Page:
Furthermore, an amorphous insulation or semiconductor layer is also available as the intermediate layer to be sandwiched between the III-V group compound semiconductor layer and the silicon layer. The amorphous semiconductor or amorphous insulation layer has none of the crystal structure in which the dislocation may be in the presence. Accordingly, no dislocation nor crystal defects is absolutely present in the amorphous layer. A SiO2 layer is a typical amorphous insulation layer. When use of the amorphous semiconductor layer, the semiconductor material for the amorphous layer is required to be so selected that the selected semiconductor may be kept in the amorphous state even after a high temperature heat treatment for the bonding. For those reasons, the amorphous layer is able to ensure none of any threading dislocation to extend into the amorphous layer and namely able to prevent the threading dislocation to extend through the amorphous layer into the III-V group compound semiconductor layer.

It is more preferable to use the amorphous semiconductor layer together with the thermal stress relaxation layer having the large rigidity coefficient. It is possible to form the thermal stress relaxation layer in the silicon substrate side while the amorphous layer in the III-V group compound semiconductor layer so that even if a threading dislocation appears and then extends toward the III-V group compound semiconductor layer, the amorphous layer is able to ensure that no threading dislocation may extend through the strained layer into the III-V group compound semiconductor layer.

PREFERRED EMBODIMENTS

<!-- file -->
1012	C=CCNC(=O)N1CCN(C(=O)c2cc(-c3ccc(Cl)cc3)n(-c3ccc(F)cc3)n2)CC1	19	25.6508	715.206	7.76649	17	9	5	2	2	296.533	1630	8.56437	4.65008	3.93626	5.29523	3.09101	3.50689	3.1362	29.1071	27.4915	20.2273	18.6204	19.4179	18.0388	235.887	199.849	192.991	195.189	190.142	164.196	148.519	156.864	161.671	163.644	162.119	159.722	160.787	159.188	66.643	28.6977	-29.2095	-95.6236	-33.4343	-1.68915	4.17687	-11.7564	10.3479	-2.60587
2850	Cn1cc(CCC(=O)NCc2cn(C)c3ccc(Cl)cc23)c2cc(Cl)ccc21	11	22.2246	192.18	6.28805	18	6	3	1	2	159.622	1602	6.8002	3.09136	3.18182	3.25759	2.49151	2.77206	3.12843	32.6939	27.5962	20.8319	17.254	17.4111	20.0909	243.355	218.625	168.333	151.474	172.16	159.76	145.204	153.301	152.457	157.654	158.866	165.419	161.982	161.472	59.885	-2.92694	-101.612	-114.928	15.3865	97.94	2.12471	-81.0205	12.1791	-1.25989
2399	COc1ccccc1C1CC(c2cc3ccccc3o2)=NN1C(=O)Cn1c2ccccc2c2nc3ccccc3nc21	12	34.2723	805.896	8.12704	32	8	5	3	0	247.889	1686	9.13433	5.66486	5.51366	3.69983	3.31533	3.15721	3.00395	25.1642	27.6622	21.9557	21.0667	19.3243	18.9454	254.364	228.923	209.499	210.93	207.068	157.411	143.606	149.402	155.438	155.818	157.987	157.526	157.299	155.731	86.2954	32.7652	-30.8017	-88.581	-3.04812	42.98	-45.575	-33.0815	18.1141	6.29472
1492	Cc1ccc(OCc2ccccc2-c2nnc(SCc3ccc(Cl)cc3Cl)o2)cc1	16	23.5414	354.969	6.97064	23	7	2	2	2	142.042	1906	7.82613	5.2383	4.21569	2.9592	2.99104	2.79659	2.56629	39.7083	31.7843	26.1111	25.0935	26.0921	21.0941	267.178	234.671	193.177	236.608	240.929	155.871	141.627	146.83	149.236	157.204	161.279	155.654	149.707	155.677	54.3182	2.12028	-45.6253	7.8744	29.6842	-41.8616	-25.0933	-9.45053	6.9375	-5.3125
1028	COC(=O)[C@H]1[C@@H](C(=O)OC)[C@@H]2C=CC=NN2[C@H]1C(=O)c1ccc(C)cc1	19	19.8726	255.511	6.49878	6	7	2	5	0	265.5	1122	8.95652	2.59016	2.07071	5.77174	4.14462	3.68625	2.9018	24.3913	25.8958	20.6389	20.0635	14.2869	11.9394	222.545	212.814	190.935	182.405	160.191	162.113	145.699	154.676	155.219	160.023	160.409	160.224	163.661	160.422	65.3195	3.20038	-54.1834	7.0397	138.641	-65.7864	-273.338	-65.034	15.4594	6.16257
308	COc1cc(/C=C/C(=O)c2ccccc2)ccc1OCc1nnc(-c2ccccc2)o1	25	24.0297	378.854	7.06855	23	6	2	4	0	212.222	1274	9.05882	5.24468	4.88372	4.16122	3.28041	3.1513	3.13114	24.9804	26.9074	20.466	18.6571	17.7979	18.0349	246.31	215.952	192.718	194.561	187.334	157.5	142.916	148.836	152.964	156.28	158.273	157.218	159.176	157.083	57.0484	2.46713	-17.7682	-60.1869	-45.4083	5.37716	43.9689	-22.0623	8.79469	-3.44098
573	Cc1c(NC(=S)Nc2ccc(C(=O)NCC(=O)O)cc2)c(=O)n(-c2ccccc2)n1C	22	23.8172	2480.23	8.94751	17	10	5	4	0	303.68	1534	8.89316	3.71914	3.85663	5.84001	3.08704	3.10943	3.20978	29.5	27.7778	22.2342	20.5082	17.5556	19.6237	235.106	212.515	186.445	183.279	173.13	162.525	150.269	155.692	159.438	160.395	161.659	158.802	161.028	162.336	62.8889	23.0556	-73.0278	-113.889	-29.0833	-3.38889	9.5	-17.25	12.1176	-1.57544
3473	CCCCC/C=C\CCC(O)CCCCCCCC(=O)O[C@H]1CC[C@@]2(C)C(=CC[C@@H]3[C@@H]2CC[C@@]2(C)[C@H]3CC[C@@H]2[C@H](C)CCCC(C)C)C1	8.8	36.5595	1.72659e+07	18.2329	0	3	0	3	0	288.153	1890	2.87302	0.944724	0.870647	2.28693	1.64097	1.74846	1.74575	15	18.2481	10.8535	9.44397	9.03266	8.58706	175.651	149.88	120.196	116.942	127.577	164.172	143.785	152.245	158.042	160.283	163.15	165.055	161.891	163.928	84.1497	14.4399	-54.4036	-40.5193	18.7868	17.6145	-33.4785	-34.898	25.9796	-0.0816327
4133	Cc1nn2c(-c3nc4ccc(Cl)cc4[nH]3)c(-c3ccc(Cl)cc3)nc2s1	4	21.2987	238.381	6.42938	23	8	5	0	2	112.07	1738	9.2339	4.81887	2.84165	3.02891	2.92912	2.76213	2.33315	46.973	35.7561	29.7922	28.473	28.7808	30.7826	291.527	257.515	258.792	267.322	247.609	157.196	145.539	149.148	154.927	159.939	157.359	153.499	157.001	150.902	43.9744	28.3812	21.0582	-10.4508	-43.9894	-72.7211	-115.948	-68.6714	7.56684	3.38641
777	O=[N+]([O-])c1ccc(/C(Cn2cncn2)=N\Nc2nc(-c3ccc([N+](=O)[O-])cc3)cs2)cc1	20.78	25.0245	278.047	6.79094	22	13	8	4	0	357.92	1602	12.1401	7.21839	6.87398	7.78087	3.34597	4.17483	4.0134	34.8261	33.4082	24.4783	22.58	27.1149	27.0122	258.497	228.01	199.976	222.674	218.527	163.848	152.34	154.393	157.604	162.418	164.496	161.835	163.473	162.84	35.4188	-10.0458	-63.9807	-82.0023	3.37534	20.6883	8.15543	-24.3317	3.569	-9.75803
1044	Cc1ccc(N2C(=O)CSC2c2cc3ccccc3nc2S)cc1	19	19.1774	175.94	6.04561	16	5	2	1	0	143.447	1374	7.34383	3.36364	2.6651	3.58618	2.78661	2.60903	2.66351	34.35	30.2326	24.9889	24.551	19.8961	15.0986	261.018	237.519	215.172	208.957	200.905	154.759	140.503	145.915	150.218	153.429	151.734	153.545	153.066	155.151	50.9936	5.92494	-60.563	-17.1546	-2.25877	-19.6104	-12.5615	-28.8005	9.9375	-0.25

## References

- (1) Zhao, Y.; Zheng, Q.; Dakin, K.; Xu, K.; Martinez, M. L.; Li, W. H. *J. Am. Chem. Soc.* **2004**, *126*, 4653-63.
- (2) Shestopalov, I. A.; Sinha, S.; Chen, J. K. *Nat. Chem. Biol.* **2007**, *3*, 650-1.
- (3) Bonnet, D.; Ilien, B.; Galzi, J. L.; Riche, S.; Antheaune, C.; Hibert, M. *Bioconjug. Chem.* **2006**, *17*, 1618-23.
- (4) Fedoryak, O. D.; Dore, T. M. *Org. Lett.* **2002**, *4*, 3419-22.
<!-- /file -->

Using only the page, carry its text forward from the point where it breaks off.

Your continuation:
Whereas the detailed descriptions of the subject matters of the present invention were made, some typical preferred embodiments of the present invention will hereinafter fully be described with reference to the accompanying drawings.

A first embodiment according to the present invention provides a novel bonding method for bonding a III-V group compound semiconductor layer on a silicon substrate. As illustrated in FIG, 1A, a thermal cleaning at a temperature of 1000° C. of a silicon substrate is carried out to obtain a single domain Si(100) substrate 1 on which a GaP thermal stress relaxation layer 2 having a thickness of 0.5 micrometers is subsequently grown. A GaAs thermal stress relaxation layer 3 having a thickness of 1 micrometer is grown on the GaAs thermal stress relaxation layer 2. A first InP contact layer 4 having a thickness of 0.3 micrometers is grown on the GaAs thermal stress relaxation layer 3. Further, an InGaAs spacer layer 6 having a thickness of 0.3 micrometers is grown on an InP (100) substrate 5. A III-V compound semiconductor layer 7 of acting as a device layer having a thickness of 2 micrometers is grown on the InGaAs spacer layer 6. A second InP contact layer 8 having a thickness of 0.3 micrometers is grown on the InP device layer 7. The above growths for the respective layers are carried out by use of gas source molecular beam epitaxy using AsH3 and PH3 as V-group sources.

As illustrated in FIG. 1B, upon use of a liquid including sulfuric acid, a surface treatment of the first and second contact layers 4 and 8 for subsequent contacting the InP (100) substrate 5 with the silicon substrate 1 through the first and second contact layers 4 and 8. A bonding interface is defined by the interface of the first and second contact layers 4 and 8. The InP (100) substrate 5 is pressed toward the Si(100) substrate 1 by use of a relatively light mass, during which the both substrates 1 and 5 are subjected to a heat treatment in hydrogen at a temperature of 600° C. for 30 minutes thereby the secure bonding is obtained.

As illustrated in FIG. 1C, a polishing and a selective etching are carried out to remove the InP(100) substrate 5 and the InGaAs spacer layer 6 until a surface of the InP device layer 7 is exposed.